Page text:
Active transportation refers to any kind of human-powered transportation, including walking, running, cycling, rollerblading, skateboarding, using a wheelchair or pushing a stroller.
We all have to get around. Luckily, there exist many options to get us from place to place. Each option has its good points and bad points. There are several great reasons to opt for active transportation and make it a regular choice, whichever form it takes:
- it enhances your fitness and overall health
- it’s good for the environment
- it’s economical
- it can be efficient
- it builds social capital: the degree of citizen involvement in a community
Research has found that active transportation can also be a stepping stone to other forms of physical activity, such as a regular exercise routine.
Of course there are also drawbacks. For a person to choose active transportation they need to see it as worthwhile: the benefits outweigh the barriers. Overcoming the barriers can help a person make the active choice. See below for ideas on how to overcome a few common barriers.
Walking is easy, cheap and always available. All you need is a comfortable pair of shoes and clothing appropriate for the weather. For enhanced health benefits, walk at a brisk pace.
One barrier to walking is the distance. If your distance is too long, consider walking some of it and using powered transportation (i.e. car, metro, bus) for the rest. For example, instead of taking the bus from home to the Metro, walk instead. Also, it is not uncommon for a person to wait 10-15 minutes for a bus. Start walking and meet the bus at a later stop. You might find the bus reaches you when you are almost at your destination. Why not just walk the rest?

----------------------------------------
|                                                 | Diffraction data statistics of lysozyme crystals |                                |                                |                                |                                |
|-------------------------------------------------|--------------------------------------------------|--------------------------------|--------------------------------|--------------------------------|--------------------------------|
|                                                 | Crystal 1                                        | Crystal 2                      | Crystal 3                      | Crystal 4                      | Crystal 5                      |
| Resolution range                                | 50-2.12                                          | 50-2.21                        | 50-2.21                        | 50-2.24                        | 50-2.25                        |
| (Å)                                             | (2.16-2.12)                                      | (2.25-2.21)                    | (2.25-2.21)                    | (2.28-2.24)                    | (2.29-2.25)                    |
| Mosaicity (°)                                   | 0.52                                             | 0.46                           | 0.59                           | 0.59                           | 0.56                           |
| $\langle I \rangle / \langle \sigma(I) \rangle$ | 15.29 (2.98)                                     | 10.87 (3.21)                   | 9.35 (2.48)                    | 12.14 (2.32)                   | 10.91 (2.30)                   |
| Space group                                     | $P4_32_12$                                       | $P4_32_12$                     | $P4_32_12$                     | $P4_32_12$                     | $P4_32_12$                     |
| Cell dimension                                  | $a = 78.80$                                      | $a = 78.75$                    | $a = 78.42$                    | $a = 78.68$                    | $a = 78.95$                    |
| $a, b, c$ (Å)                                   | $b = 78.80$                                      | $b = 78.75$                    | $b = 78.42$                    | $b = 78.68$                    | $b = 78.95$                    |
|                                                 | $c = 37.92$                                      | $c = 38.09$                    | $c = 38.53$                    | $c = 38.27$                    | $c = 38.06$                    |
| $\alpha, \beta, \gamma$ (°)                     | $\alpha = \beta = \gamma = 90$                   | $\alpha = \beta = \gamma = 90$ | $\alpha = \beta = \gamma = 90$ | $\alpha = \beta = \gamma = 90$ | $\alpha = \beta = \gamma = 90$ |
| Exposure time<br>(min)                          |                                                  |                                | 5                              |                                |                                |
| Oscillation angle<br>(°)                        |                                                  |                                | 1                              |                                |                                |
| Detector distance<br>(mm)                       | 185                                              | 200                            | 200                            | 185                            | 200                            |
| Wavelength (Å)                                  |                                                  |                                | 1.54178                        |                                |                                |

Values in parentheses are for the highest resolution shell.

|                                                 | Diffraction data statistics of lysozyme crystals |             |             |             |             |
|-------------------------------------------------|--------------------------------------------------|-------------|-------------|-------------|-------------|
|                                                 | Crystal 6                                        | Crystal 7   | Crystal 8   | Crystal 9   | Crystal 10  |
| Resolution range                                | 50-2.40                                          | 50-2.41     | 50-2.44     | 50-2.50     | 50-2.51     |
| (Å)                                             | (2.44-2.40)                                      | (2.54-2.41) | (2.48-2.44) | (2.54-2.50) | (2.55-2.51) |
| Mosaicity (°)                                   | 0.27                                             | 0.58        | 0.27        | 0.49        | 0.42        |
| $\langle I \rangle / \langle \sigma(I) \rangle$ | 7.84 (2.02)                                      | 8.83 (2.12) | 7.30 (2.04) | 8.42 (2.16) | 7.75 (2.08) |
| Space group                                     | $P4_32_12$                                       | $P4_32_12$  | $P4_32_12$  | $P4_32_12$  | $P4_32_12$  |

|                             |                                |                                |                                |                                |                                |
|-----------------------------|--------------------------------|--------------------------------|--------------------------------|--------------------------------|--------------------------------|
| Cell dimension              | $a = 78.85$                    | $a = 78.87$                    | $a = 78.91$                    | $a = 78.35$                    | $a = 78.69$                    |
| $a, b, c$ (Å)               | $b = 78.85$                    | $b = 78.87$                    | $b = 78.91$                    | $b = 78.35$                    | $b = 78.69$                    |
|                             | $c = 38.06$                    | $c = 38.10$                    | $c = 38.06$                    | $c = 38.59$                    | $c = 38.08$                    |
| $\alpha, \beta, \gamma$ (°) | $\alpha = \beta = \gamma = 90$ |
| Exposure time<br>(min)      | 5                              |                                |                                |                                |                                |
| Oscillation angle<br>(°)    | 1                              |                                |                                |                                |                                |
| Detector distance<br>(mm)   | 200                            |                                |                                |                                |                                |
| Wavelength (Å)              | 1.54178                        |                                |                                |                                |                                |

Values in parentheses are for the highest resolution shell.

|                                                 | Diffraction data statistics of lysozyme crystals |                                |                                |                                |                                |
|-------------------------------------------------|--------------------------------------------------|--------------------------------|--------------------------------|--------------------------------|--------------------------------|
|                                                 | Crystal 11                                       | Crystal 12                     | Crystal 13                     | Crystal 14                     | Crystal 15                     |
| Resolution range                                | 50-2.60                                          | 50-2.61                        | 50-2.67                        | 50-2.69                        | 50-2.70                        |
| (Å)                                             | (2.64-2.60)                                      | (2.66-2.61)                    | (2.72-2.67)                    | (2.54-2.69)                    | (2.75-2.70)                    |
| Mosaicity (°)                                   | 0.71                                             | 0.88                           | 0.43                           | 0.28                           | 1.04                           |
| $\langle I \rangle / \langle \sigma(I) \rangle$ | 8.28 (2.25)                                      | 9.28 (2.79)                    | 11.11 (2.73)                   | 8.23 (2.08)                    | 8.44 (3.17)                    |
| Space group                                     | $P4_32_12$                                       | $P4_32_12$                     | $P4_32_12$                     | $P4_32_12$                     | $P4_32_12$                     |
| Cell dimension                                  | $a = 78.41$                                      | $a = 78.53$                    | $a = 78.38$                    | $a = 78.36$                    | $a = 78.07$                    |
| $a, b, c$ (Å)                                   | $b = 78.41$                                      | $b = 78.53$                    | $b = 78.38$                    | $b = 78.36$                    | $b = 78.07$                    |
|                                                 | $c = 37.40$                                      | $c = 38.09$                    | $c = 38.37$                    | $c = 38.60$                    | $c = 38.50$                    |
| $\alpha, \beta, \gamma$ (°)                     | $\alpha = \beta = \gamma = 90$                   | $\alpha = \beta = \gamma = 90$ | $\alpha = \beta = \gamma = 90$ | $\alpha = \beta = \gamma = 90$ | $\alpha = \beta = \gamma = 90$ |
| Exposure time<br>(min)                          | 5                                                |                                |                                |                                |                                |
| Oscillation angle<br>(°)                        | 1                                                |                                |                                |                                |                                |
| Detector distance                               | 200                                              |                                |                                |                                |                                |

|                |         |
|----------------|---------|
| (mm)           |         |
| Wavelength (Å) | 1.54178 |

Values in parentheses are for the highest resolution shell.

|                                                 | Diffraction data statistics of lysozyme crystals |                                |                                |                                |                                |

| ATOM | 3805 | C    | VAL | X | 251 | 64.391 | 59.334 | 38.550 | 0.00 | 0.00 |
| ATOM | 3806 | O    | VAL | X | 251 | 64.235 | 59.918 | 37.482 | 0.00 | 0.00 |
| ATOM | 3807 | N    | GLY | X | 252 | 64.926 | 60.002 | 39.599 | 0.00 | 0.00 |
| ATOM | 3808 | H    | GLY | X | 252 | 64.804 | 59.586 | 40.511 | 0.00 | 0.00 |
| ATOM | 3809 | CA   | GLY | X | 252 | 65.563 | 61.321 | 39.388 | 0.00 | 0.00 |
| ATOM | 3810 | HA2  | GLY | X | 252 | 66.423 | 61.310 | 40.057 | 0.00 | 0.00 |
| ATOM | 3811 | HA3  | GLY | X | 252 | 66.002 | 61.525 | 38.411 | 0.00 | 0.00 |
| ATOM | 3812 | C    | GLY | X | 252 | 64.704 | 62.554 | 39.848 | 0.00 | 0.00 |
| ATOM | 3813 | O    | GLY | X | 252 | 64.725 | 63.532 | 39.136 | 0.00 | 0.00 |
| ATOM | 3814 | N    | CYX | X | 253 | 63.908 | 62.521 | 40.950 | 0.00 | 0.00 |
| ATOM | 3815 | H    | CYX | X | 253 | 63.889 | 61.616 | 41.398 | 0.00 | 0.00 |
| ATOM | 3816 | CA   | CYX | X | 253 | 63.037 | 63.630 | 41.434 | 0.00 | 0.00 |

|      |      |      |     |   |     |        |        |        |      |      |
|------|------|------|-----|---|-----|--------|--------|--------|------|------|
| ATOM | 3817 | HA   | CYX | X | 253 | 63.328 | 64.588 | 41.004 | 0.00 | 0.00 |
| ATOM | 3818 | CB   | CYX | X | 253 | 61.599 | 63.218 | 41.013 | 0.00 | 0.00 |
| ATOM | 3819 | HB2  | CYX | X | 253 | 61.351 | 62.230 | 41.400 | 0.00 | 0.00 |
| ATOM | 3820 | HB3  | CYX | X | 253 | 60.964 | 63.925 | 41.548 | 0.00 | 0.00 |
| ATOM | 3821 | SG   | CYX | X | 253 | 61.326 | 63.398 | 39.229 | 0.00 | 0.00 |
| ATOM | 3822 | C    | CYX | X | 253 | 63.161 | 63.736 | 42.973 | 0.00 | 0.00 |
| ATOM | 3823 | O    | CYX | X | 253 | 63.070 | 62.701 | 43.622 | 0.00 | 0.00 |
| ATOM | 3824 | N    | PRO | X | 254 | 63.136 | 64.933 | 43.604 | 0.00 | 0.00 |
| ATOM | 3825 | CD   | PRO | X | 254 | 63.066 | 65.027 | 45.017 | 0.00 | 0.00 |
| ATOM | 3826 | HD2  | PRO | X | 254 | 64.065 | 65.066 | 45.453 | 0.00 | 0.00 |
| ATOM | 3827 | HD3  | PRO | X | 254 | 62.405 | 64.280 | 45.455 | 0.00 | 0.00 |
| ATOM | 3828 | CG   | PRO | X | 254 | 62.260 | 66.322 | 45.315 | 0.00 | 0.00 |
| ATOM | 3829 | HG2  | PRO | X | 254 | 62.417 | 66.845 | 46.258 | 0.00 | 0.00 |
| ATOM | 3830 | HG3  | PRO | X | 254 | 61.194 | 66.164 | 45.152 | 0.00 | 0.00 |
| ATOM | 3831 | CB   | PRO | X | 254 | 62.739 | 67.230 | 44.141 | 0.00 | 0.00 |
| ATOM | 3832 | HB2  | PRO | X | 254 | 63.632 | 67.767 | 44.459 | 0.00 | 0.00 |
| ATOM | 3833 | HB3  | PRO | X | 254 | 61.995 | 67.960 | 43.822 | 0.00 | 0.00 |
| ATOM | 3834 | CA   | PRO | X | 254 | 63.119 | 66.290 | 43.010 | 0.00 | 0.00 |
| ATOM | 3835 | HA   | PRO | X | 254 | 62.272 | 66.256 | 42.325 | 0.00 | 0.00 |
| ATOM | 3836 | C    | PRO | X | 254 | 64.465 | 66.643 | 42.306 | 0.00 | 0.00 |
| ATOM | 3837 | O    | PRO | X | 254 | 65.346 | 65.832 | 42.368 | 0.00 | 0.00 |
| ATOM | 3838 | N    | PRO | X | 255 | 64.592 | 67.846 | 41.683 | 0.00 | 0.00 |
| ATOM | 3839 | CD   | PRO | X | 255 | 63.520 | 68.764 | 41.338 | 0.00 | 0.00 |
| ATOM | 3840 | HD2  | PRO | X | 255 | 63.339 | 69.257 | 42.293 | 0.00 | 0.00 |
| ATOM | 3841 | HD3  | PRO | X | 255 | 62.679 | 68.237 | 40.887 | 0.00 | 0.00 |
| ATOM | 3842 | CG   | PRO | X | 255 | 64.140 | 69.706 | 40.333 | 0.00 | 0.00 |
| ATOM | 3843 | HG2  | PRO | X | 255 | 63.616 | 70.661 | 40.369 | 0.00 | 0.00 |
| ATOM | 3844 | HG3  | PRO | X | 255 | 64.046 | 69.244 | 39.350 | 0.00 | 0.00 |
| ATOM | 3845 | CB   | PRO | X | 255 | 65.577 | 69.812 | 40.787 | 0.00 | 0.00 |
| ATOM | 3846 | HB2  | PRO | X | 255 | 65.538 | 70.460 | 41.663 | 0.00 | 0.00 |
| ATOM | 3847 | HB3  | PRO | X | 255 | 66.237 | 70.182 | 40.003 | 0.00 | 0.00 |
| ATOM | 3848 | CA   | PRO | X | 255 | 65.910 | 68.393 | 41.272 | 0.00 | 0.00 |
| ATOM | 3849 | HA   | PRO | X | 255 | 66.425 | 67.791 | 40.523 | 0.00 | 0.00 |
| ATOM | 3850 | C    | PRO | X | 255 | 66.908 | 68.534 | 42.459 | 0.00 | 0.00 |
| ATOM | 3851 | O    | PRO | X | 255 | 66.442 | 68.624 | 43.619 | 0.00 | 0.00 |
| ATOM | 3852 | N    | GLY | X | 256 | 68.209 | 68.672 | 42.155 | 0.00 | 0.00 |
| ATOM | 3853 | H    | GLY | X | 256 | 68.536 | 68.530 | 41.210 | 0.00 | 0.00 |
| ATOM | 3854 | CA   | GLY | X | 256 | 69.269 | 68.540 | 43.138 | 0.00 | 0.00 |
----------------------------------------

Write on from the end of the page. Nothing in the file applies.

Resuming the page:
Cycling is enjoyable as a leisure activity and it can also be an enjoyable way of getting around. A study conducted by Statistics Canada found that 19% of cyclists say that their commute is the most pleasant part of the day, while only 2% of drivers feel this way.
Besides being enjoyable, biking can be efficient. In the city, if the distance you have to go is 5 km or less, a bike can often get you from door to door faster than a car. Sir George campus and Loyola are just over 6 km apart. A 5 kilometer radius from the Sir George campus extends to the St Lawrence river, Iberville St., and Jean Talon. From Loyola, 5 kilometers takes you to the St. Lawrence river out to 37th Avenue in Dorval and north to the TransCanada.
Montreal is a very bikeable city with more than 500 km of bike routes and paths on the island alone. Bike paths cross both the downtown and Loyola campuses. An exciting part of the Montreal cycling scene is the BIXI bicycle system. For a monthly or annual fee you can have access to 5,000 bicycles at over 400 self-serve stations.
It is relatively rare to have torrential rain or heavy snow that makes it truly uncomfortable to walk or bike. However, unpleasant weather can make for an unpleasant commute. For light rain, bring an umbrella or buy a good waterproof jacket. For cold and light snow use a scarf, hat, gloves and good boots. Don’t get easily discouraged by the weather. Build your resilience.
A lot to carry
Get a solid backpack that fits you well and that can hold your regular load. Don’t overload your bag. If you can, split your load into a few trips over a couple of days.
Using active transportation to commute often adds no extra—or a little bit extra—time. If it does add time, that time is well used. You are "killing two birds with one stone": commuting and exercising at the same time. This way, when you get home in the evening you can feel confident that you have done something to enhance your health during the day and can enjoy a relaxing evening.
Consult the website for the Countywide Active Transportation System (CWATS) in Ontario that includes information on: